Romney is no more “inevitable” than Howard Dean in 2004 or Hillary Clinton in 2008.
Mitt Romney has polled consistently with around 20% support for months. Meanwhile, we’ve seen a variety of opponents rise rapidly than fall. First it was the Donald back in April, then Bachmann in July, then Perry in August and September, then Cain in October, and now Gingrich. We’ve seen several outlets describe Romney’s nomination as increasingly inevitable, including Politico, ABC News, and the Washington Post.
There’s just one problem: Howard Dean was just as “inevitable” in late 2003, before losing the nomination to John Kerry. Hillary Clinton was even more “inevitable” in late 2007, before losing the nomination to Barack Obama. And looking at the data, it looks like Romney is no more “inevitable” than Howard Dean in 2004 or Hillary Clinton in 2008.
Howard Dean’s fall from inevitability in 2004
For weeks prior to the first primaries and caucuses of 2008, Howard Dean held a consistent lead in the polls. Kerry, Edwards, Gephardt, Clark, and others were stuck at 10% support or less, but Dean was polling consistently in the 20s, then the 30s, and occasionally in the 40s. Clearly, he was the inevitable nominee.
Then, John Kerry was the surprise winner of the Iowa caucus. The day before the caucus, his polling support was at 9%. A week after the caucus, he was flirting with 50%. Within a few more weeks, Kerry had the nomination clinched.
Why? Apparently Dean had maxed out his support at 30% or so. The remaining Democratic voters weren’t sure whether to get behind Kerry, or Edwards, or Clark, or Gephardt, but they agreed that they did not want Howard Dean. Kerry’s Iowa victory was a clear signal to the anti-Dean voters: If you want to beat Howard Dean, you need to abandon Edwards, Clark, and Gephardt and get behind Kerry. (You can read a similar explanation of Dean’s fall here, by prominent pollster Mark Blumenthal.)
Hillary Clinton’s fall from inevitability in 2008.
Throughout 2007, Hillary Clinton polled even better than Howard Dean had polled in 2003. If ever there was an inevitable nominee, it was her. The chart below (source) shows her polling support from January 2007 through early 2008. Each dot is a separate poll; ignore those. The lines average across the polls to show each candidate’s overall trend. Clinton (purple line) held steady with 40-50% support all the way through 2007 and into early January.
So Hillary Clinton was inevitable–until Obama (orange line) had a surprise win in Iowa and immediately climbed in the polls. Perhaps we should have seen this coming. After all, in October 2007, John Edwards had explained his decision to stay in the race by comparing Hillary Clinton’s inevitability to Howard Dean’s. It turns out he was right.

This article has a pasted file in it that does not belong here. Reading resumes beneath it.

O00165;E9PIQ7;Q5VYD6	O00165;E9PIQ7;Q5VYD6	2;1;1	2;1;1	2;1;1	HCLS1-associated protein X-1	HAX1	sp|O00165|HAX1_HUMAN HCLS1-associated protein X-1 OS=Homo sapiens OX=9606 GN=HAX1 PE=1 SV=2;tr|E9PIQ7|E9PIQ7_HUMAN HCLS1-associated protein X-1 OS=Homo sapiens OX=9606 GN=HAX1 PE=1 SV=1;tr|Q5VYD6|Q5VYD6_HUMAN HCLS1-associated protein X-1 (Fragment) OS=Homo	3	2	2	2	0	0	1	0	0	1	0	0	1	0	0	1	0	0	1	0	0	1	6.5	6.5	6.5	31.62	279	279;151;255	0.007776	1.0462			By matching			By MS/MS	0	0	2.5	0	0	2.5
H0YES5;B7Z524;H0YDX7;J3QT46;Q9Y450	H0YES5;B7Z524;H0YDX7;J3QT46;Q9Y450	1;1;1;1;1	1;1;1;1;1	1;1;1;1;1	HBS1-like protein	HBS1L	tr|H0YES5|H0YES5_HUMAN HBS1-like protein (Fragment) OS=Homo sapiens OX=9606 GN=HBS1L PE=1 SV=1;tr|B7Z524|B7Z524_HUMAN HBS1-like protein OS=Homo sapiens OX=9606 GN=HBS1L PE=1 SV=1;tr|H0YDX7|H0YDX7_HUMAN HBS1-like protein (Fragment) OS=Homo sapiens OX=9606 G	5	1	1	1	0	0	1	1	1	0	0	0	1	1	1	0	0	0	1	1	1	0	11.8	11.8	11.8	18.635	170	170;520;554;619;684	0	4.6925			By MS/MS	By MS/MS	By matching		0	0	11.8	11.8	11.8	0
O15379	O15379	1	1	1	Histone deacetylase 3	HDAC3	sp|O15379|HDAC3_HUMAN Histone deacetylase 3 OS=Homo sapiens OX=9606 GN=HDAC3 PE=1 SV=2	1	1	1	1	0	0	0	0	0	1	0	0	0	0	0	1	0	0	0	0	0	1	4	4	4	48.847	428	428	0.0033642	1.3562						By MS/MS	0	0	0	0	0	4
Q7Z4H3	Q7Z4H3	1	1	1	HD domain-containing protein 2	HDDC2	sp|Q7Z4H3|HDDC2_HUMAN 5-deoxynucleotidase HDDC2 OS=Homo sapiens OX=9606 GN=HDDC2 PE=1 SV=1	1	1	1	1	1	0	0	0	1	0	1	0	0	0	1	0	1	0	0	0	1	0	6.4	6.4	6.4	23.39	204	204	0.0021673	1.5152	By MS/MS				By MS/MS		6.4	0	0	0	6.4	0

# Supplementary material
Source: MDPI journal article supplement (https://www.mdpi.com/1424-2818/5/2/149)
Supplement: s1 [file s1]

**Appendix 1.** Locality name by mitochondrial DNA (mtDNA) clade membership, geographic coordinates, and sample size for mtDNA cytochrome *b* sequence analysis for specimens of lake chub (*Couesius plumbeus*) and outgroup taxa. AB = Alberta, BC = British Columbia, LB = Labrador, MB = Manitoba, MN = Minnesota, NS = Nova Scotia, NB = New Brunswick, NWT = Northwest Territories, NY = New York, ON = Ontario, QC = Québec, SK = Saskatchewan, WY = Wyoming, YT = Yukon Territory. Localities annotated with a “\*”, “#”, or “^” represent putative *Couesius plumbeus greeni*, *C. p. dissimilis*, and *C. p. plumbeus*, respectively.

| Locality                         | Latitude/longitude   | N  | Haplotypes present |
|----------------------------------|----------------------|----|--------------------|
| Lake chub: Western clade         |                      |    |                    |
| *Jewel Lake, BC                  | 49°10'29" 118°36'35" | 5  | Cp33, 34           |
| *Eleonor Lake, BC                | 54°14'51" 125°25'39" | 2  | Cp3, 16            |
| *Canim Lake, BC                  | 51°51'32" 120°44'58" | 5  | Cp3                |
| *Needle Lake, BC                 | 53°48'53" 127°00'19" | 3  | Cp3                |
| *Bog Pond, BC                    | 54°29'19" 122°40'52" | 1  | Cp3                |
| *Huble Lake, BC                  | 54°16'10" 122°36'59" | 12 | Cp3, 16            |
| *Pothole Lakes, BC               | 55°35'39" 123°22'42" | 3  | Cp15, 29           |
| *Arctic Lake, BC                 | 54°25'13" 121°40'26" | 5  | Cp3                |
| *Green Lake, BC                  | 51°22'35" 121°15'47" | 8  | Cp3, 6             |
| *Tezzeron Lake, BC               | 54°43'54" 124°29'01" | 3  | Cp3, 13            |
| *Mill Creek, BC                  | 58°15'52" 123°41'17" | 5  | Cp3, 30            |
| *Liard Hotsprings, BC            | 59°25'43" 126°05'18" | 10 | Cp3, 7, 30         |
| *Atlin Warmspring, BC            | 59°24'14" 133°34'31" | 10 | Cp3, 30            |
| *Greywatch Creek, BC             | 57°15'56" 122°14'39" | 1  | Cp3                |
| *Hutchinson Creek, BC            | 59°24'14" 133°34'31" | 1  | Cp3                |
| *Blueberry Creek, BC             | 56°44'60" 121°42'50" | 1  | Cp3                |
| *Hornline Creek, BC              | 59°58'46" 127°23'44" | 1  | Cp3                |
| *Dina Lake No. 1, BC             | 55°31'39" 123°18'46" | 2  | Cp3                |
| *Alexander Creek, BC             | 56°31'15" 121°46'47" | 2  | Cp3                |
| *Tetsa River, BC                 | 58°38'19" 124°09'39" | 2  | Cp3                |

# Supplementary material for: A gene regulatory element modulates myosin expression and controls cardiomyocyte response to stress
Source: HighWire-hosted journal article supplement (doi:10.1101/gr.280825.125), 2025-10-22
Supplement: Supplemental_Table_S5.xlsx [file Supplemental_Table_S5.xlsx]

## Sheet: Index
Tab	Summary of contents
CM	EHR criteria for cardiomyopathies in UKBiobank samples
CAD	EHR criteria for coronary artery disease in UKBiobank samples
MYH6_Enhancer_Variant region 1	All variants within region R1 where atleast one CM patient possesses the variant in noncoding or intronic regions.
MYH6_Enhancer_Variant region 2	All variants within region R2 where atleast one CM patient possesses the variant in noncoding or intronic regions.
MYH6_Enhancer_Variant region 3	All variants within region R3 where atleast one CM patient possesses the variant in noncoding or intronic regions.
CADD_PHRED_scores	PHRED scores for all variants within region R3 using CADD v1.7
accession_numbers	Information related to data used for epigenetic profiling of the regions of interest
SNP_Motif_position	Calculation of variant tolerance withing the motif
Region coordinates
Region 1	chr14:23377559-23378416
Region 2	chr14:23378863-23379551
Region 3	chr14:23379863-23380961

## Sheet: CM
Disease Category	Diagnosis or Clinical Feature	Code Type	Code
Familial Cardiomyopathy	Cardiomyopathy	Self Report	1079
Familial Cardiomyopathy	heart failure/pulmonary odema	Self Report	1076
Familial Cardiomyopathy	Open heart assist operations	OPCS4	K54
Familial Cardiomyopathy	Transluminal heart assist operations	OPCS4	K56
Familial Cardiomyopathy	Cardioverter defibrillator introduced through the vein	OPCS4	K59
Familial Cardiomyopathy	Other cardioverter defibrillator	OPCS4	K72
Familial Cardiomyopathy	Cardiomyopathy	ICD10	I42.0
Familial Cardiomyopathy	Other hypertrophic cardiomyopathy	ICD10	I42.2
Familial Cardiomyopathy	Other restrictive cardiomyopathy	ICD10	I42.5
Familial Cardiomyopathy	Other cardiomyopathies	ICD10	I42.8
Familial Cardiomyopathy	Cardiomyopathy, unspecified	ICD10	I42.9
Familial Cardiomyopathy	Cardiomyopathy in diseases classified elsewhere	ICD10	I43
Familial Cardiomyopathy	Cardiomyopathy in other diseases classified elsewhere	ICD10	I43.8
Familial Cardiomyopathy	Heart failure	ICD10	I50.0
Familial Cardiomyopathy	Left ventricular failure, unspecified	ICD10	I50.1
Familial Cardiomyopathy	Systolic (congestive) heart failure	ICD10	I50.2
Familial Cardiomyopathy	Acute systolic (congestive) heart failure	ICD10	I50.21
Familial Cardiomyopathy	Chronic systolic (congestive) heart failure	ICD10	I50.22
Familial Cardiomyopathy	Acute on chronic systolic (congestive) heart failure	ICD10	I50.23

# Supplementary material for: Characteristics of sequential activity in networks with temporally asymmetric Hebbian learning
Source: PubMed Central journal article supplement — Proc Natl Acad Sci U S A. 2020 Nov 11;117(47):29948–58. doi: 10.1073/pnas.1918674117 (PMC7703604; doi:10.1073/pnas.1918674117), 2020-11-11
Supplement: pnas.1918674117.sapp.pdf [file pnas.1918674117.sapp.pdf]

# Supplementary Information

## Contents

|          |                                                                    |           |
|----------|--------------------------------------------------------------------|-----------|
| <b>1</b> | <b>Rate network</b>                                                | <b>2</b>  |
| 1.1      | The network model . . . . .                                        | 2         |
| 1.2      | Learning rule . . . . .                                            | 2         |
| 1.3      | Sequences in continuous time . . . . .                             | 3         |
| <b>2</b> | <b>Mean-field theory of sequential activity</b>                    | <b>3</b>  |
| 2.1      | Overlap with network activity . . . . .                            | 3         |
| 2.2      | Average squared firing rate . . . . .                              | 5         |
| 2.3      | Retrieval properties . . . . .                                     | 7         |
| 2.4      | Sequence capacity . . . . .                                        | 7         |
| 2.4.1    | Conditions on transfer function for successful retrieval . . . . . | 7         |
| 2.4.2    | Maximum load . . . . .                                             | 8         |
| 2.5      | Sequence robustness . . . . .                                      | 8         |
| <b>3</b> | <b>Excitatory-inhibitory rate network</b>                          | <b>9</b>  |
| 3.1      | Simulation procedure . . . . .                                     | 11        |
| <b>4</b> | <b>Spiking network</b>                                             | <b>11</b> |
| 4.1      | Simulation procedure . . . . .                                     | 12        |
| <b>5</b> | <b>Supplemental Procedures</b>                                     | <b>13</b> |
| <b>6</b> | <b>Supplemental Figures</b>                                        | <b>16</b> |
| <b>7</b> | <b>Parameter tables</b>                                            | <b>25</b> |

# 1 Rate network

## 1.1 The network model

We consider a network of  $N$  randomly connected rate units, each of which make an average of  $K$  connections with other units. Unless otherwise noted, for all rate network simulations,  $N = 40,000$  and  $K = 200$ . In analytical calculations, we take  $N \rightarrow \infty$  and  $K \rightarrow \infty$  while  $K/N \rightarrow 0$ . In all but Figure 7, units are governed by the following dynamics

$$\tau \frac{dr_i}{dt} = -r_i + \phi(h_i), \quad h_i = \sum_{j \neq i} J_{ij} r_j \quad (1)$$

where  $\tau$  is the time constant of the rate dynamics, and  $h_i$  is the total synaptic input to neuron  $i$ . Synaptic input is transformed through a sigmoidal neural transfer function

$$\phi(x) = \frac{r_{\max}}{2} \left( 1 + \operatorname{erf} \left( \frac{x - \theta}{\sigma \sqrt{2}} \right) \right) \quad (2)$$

What happened? The pro-Clinton faction was between 40 and 50% of the Democratic voters. The anti-Clinton faction was larger, but divided between voters supporting Obama, Edwards, Biden, Dodd, and others. With Obama’s Iowa victory, the anti-Clinton voters abandoned those other candidates in favor of Obama. Before January was over, Edwards, Biden, Dodd, and others withdrew their candidacies and endorsed Obama.
Mitt Romney’s problem in 2012
When Howard Dean and Hillary Clinton were declared inevitable, they were polling better than Mitt Romney is now. Howard Dean was in the 30-40 percent range. Hillary Clinton was in the 40-50 percent range. Mitt Romney, meanwhile, has polled in the high teens and low 20s for most of 2011. The chart below (source) shows polling data spanning an entire year, back to November 2010. Romney (purple line) has been pretty stable in this range, rarely going above 20-23%.
Meanwhile, other candidates have struggled to break through. Bachmann (black line) surged briefly in July, followed by Perry (dark blue) in August and September, then Cain (red) in October, and recently Gingrich (green) in November.
It sure looks like Romney might be in the same situation that Dean and Clinton were in. He may have maxed out his support in the 20-30% range. The anti-Romney vote is struggling to figure out which candidate to get behind. The closest they came to consensus was Rick Perry, but his rise was reversed by subpar debate performances and other problems.
Punchline: Can Romney win?
Sure. Romney can win. If anti-Romney voters fail to coordinate around a candidate, Romney can win. But it is a mistake to call Romney’s nomination inevitable. In fact, his nomination might even be doubtful, if it is in fact true that he has maxed out his approval the way Howard Dean and Hillary Clinton did.
If some non-Romney candidate does surprisingly well in Iowa or New Hampshire, that candidate might very quickly become the anti-Romney rallying point, just as Kerry and Obama became anti-Dean and anti-Clinton rallying points. Now we just need to wait and see whether that happens.